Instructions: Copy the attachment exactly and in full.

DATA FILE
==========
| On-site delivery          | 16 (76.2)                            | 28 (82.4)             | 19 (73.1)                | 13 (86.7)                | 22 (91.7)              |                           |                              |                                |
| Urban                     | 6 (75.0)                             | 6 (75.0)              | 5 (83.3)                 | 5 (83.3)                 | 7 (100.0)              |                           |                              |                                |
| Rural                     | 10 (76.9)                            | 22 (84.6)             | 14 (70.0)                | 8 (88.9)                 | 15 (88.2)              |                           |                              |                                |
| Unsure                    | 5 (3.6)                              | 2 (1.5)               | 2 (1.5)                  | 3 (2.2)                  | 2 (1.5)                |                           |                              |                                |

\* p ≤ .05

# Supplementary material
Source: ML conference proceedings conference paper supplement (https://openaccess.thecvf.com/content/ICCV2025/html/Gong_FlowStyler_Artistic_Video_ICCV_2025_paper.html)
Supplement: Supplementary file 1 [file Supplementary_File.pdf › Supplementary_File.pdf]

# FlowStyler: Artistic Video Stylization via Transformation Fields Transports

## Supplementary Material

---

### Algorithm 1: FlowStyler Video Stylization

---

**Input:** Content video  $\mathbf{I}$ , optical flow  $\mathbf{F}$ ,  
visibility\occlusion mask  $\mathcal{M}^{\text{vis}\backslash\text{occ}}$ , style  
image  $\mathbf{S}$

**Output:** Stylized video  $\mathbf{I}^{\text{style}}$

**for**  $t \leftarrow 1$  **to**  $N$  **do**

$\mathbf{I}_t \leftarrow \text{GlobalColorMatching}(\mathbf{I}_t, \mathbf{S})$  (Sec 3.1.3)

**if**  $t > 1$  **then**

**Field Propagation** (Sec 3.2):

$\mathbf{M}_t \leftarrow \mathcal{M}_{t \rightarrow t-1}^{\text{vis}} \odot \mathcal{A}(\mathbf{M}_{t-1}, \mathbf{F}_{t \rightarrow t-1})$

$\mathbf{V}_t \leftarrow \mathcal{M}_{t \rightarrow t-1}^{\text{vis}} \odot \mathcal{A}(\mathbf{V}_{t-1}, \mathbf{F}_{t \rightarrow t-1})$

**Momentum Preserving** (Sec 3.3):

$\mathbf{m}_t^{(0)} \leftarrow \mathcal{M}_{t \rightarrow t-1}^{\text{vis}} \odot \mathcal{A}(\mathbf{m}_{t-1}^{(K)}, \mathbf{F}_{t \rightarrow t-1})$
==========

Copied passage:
| On-site delivery          | 16 (76.2)                            | 28 (82.4)             | 19 (73.1)                | 13 (86.7)                | 22 (91.7)              |                           |                              |                                |
| Urban                     | 6 (75.0)                             | 6 (75.0)              | 5 (83.3)                 | 5 (83.3)                 | 7 (100.0)              |                           |                              |                                |
| Rural                     | 10 (76.9)                            | 22 (84.6)             | 14 (70.0)                | 8 (88.9)                 | 15 (88.2)              |                           |                              |                                |
| Unsure                    | 5 (3.6)                              | 2 (1.5)               | 2 (1.5)                  | 3 (2.2)                  | 2 (1.5)                |                           |                              |                                |

\* p ≤ .05

# Supplementary material
Source: ML conference proceedings conference paper supplement (https://openaccess.thecvf.com/content/ICCV2025/html/Gong_FlowStyler_Artistic_Video_ICCV_2025_paper.html)
Supplement: Supplementary file 1 [file Supplementary_File.pdf › Supplementary_File.pdf]

# FlowStyler: Artistic Video Stylization via Transformation Fields Transports

## Supplementary Material

---

### Algorithm 1: FlowStyler Video Stylization

---

**Input:** Content video  $\mathbf{I}$ , optical flow  $\mathbf{F}$ ,  
visibility\occlusion mask  $\mathcal{M}^{\text{vis}\backslash\text{occ}}$ , style  
image  $\mathbf{S}$

**Output:** Stylized video  $\mathbf{I}^{\text{style}}$

**for**  $t \leftarrow 1$  **to**  $N$  **do**

$\mathbf{I}_t \leftarrow \text{GlobalColorMatching}(\mathbf{I}_t, \mathbf{S})$  (Sec 3.1.3)

**if**  $t > 1$  **then**

**Field Propagation** (Sec 3.2):

$\mathbf{M}_t \leftarrow \mathcal{M}_{t \rightarrow t-1}^{\text{vis}} \odot \mathcal{A}(\mathbf{M}_{t-1}, \mathbf{F}_{t \rightarrow t-1})$

$\mathbf{V}_t \leftarrow \mathcal{M}_{t \rightarrow t-1}^{\text{vis}} \odot \mathcal{A}(\mathbf{V}_{t-1}, \mathbf{F}_{t \rightarrow t-1})$

**Momentum Preserving** (Sec 3.3):

$\mathbf{m}_t^{(0)} \leftarrow \mathcal{M}_{t \rightarrow t-1}^{\text{vis}} \odot \mathcal{A}(\mathbf{m}_{t-1}^{(K)}, \mathbf{F}_{t \rightarrow t-1})$